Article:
The one-percent doctrine, therefore, empowers America’s enemies to influence U.S. policy in ways favorable to them. It lets al-Qaeda play the role of Brer Rabbit from the Uncle Remus tales, where the wily rabbit begs not to be thrown into the briar patch when that is exactly where he wants to go.

Bush has said the United States must take the word of the enemy seriously and act accordingly. But what if the enemy is exaggerating his capabilities or his goals? Do the enemy's words alone push matters beyond the one percent threshold and force the United States into responses even if they are not in America's best interests?

The one-percent doctrine is also developing a domestic corollary. Any home-grown threat – no matter how unlikely – must bring down the full force of U.S. law enforcement, as happened in last week’s arrest of seven young black men in Miami for a terrorist plot that one FBI official called more “aspirational than operational.”

Attorney General Alberto Gonzales conceded that the men had no weapons, no equipment and no real plans. Mostly, the seven seem to have been encouraged by an FBI informant posing as an al-Qaeda operative to talk loosely about waging a “full ground war” against the United States.

As absurd as this notion of a “full ground war” was – given the hapless nature of the alleged warriors – Gonzales said, “left unchecked, these homegrown terrorists may prove to be as dangerous as groups like al-Qaeda.”

Gonzales’s domestic declaration rang with an echo of Dick Cheney’s one-percent doctrine. If there is the slightest risk of terrorist activities, “it’s not about our analysis, or finding a preponderance of evidence,” Cheney reportedly said. “It’s about our response.”

Obvious Flaws

But another curious aspect of this one-percent doctrine is how obvious its flaws are. Wouldn’t even the most dimwitted foreign policy novice recognize the absurdity of striking out at one-percent risks around the world?

John Dunne wrote that “no man is an island, entire of itself,” meaning that every person is connected to other people. But surely, not even George W. Bush thought that Iraq was an island, somehow disconnected from a host of intersecting regional and global relationships.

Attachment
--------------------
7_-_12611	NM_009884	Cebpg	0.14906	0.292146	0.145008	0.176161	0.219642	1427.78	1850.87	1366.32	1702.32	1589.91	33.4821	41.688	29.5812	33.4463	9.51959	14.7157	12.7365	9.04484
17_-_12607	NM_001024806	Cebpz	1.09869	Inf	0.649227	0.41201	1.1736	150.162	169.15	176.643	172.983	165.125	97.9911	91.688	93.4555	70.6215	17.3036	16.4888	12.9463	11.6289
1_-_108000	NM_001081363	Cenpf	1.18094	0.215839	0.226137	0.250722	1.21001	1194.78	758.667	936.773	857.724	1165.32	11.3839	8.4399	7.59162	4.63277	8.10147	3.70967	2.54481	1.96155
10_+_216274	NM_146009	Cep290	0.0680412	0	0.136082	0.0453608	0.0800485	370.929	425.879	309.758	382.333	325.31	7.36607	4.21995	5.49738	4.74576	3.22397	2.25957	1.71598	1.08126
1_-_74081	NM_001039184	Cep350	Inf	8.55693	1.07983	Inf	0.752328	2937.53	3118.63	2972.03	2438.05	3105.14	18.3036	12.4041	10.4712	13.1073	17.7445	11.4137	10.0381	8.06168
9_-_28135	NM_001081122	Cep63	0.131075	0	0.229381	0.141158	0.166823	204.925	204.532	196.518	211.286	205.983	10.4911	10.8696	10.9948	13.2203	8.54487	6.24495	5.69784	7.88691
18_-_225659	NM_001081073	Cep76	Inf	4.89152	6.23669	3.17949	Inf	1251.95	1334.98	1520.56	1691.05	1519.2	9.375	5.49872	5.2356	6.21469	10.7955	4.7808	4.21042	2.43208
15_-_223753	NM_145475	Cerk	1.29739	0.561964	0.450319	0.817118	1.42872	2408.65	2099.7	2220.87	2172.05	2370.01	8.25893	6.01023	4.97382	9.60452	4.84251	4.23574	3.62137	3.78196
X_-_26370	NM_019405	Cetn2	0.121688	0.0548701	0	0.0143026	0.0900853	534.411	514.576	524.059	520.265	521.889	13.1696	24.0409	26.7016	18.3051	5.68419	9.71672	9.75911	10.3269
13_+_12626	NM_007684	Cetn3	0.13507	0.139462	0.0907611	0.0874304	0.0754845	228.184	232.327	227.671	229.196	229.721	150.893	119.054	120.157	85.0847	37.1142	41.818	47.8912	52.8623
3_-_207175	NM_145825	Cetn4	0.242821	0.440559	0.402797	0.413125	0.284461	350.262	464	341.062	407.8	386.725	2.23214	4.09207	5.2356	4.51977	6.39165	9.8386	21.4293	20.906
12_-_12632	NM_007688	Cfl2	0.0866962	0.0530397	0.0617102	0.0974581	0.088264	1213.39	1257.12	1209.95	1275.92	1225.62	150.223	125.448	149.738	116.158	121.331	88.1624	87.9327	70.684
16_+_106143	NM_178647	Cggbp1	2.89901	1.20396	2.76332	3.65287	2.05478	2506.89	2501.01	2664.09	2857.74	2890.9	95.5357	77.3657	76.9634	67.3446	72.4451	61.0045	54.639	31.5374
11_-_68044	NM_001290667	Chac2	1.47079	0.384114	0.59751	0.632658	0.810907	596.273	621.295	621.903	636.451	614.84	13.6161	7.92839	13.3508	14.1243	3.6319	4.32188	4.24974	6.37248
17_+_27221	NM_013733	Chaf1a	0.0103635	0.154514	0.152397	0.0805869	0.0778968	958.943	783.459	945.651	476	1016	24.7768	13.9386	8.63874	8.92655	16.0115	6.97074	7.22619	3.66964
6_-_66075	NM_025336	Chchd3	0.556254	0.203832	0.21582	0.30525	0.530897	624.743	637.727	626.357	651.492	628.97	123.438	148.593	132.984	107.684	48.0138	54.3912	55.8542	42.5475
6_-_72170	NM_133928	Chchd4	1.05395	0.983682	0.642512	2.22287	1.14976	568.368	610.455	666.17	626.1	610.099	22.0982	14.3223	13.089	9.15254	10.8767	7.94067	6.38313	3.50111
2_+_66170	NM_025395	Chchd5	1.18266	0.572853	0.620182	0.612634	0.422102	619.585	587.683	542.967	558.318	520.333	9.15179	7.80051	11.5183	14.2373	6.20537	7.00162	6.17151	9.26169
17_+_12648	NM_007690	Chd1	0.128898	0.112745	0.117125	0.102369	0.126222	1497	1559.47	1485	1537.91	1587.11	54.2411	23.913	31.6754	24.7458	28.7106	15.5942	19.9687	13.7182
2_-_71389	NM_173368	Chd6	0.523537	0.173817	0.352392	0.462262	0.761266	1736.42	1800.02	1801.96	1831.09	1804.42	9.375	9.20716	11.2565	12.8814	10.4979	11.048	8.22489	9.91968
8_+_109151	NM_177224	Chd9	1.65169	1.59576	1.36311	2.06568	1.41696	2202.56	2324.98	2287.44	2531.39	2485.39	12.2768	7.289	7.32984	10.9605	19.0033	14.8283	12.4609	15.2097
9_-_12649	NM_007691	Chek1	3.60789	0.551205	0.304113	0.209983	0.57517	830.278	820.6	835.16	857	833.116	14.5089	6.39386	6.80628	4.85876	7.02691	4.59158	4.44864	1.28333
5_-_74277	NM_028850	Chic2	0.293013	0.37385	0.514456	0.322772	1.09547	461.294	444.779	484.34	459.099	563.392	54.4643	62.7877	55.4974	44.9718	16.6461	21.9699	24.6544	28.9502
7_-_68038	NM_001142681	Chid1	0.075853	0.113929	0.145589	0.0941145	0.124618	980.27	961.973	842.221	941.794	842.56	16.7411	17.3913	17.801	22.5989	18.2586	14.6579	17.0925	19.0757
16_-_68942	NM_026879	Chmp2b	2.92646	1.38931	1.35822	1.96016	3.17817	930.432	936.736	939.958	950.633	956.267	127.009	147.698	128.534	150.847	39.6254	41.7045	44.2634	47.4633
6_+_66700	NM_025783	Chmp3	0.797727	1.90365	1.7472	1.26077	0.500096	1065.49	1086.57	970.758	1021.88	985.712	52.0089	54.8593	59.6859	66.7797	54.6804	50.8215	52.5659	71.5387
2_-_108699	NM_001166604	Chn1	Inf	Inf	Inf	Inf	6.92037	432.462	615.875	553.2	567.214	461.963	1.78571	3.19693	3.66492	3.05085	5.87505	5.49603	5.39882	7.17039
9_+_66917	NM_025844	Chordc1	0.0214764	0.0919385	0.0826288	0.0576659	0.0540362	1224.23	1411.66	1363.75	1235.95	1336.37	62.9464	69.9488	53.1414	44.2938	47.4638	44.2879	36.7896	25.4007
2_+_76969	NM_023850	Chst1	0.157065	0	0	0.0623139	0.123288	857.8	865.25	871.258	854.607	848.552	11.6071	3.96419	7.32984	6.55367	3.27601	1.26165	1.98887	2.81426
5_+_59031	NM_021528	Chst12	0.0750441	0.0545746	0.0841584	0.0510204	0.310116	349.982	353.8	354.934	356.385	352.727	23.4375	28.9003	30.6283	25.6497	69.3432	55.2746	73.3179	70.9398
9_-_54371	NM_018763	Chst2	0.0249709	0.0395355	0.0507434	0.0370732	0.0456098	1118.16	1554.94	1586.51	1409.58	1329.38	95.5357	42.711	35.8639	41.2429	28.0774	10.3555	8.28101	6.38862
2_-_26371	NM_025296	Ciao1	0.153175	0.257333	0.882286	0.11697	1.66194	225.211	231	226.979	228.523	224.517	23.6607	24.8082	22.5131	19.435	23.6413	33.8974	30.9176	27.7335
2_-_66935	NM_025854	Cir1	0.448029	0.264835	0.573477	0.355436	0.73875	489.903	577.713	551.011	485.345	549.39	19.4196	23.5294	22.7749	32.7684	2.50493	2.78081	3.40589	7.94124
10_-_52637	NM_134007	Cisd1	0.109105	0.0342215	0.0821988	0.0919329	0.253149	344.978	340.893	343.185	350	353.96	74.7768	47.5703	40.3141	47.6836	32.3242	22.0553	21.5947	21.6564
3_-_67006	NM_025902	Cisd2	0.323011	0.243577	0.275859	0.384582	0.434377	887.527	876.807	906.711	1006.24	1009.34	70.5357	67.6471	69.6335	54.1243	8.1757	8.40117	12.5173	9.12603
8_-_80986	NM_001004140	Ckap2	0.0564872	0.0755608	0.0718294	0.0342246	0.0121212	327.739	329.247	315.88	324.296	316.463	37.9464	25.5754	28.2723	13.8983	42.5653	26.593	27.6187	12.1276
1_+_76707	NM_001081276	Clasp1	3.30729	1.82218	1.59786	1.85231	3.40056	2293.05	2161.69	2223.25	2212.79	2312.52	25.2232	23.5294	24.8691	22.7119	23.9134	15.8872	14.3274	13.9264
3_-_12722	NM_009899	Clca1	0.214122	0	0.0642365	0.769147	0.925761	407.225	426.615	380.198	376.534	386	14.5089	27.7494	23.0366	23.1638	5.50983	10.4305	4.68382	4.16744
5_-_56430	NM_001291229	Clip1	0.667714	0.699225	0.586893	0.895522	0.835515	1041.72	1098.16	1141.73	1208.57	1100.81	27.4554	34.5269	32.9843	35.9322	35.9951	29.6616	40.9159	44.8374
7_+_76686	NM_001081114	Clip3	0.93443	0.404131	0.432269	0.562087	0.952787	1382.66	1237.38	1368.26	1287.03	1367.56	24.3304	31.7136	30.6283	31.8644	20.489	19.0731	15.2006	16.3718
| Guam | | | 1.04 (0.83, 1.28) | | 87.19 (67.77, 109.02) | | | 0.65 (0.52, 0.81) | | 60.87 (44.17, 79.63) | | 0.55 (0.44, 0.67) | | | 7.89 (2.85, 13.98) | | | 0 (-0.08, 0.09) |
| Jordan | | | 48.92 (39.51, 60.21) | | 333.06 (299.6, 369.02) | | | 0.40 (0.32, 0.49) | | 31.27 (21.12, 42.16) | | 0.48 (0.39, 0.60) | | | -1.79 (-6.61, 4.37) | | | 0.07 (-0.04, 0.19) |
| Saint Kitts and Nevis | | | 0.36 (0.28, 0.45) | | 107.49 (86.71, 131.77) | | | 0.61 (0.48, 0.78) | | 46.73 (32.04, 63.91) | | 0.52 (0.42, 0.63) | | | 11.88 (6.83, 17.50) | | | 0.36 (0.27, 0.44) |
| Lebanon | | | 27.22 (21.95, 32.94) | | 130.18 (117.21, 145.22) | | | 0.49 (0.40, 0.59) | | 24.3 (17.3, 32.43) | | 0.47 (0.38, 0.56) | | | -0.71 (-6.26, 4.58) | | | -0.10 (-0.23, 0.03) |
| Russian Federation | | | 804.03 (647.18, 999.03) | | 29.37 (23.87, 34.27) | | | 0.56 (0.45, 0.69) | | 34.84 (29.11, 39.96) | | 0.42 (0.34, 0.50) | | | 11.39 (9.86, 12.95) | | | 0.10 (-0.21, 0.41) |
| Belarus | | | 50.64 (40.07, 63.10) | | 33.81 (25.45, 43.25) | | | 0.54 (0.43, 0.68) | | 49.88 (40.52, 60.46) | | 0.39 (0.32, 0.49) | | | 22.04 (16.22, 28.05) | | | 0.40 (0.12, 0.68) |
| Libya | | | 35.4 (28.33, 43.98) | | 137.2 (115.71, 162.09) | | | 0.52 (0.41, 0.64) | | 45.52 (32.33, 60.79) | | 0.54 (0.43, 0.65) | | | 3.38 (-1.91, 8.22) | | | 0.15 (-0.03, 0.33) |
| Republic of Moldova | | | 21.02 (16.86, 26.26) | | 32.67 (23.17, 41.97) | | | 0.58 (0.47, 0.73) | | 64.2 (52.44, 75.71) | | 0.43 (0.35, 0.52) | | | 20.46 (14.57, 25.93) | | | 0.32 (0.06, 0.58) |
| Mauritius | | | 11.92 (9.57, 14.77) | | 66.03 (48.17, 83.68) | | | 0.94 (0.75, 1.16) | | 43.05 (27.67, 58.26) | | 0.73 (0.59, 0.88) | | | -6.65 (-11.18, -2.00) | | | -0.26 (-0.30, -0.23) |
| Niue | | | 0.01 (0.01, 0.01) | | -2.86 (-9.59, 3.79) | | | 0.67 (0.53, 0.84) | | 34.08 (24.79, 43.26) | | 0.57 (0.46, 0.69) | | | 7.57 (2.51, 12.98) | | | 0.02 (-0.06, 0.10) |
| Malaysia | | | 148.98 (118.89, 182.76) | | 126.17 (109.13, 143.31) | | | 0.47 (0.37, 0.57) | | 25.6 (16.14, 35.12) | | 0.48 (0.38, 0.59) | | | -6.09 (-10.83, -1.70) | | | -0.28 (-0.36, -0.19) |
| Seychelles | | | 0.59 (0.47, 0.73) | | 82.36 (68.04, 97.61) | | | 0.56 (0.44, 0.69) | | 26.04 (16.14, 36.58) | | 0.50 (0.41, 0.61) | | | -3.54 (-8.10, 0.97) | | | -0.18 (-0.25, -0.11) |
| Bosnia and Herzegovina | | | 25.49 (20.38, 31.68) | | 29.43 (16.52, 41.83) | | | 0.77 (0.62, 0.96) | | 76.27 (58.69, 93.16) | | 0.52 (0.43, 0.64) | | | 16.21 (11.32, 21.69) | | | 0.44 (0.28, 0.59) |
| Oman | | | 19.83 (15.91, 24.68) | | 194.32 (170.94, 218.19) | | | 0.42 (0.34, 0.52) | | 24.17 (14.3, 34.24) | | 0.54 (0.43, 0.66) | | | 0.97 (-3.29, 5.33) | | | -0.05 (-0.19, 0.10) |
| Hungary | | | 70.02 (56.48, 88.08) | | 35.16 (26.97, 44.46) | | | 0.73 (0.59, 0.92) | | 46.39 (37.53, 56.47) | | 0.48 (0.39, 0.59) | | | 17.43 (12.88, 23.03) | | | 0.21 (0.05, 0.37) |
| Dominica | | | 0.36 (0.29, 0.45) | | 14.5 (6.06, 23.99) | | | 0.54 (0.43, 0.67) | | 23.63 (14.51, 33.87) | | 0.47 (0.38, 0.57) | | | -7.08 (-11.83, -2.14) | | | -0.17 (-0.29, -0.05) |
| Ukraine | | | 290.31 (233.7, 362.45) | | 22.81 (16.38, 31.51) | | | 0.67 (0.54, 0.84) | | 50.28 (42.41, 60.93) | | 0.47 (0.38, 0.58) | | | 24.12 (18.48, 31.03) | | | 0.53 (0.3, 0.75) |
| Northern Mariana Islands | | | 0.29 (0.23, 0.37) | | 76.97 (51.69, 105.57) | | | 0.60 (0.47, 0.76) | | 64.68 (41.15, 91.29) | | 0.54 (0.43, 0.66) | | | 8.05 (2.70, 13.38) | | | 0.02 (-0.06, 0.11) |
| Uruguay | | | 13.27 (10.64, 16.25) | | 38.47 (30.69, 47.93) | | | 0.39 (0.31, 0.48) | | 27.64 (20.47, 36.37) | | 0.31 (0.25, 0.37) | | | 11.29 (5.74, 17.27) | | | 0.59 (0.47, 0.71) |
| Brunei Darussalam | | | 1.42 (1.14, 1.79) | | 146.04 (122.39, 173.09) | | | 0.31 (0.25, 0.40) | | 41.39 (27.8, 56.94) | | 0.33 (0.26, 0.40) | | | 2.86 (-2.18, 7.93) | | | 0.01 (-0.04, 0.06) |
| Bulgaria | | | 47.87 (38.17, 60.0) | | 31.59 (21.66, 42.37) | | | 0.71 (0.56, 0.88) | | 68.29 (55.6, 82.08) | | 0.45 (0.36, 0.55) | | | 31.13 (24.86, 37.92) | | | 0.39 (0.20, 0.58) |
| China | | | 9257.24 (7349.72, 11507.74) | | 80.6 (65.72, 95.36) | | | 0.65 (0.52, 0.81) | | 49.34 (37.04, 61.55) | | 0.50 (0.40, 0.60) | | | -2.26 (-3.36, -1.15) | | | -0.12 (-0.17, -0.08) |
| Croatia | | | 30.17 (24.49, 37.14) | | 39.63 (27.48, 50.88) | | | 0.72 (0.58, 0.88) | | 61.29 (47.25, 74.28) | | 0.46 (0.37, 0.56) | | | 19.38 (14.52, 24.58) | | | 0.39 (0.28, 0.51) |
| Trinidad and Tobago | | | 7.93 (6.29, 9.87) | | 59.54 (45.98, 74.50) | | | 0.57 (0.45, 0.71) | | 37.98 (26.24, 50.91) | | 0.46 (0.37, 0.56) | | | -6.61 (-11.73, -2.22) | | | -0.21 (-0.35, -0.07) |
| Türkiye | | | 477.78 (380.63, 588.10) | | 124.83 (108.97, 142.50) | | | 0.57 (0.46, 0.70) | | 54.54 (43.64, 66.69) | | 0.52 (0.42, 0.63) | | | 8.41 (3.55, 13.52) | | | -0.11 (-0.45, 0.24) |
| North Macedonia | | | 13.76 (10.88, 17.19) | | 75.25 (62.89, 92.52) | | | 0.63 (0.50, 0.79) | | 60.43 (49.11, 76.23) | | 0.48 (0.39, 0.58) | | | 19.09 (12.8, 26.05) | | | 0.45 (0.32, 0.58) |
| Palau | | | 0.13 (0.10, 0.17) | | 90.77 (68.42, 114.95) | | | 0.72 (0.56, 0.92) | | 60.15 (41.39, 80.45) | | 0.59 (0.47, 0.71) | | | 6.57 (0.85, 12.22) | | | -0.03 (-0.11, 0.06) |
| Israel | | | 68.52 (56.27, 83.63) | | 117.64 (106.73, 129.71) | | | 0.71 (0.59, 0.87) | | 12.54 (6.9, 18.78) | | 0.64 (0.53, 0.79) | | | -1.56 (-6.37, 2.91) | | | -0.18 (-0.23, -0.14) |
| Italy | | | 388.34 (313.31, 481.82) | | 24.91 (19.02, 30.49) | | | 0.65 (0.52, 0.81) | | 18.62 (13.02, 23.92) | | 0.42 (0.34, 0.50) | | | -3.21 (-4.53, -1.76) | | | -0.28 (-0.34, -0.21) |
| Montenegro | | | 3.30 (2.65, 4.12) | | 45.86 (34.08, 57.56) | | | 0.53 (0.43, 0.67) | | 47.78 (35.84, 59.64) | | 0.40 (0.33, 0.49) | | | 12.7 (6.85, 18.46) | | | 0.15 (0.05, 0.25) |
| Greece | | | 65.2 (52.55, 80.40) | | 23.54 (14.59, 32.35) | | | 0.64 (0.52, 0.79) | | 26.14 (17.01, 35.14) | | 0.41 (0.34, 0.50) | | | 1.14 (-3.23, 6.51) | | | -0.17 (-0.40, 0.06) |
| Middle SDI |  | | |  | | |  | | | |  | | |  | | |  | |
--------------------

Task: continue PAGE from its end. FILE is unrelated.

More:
The answer to that conundrum might simply be that the one-percent doctrine is less a doctrine than another excuse used by the Bush administration to justify actions, such as invading Iraq, that it always wanted to do.

If the slimmest possibility of grievous harm – such as Saddam Hussein developing nuclear weapons and then slipping one to Osama bin-Laden – can be cited to trump more circumspect policymakers, then it could be a powerful way to defeat bureaucratic rivals who show up at meetings with binders of intelligence analyses under their arms.

Then, when Bush and Cheney want to ignore other threats, they can simply revert to the posture of careful leaders not ready to jump hastily into an unfamiliar thicket. In other words, whether or not to invoke the one-percent doctrine gives them the ultimate debate-stopping argument.

Nevertheless, if Suskind is right and Bush is following the one-percent doctrine as his guiding light in the post-9/11 world, the American people can expect to find themselves led into an endless series of wars that only worsen the dangers.


Robert Parry broke many of the Iran-Contra stories in the 1980s for the Associated Press and Newsweek. His latest book, Secrecy & Privilege: Rise of the Bush Dynasty from Watergate to Iraq, can be ordered at secrecyandprivilege.com. It's also available at Amazon.com, as is his 1999 book, Lost History: Contras, Cocaine, the Press & 'Project Truth.'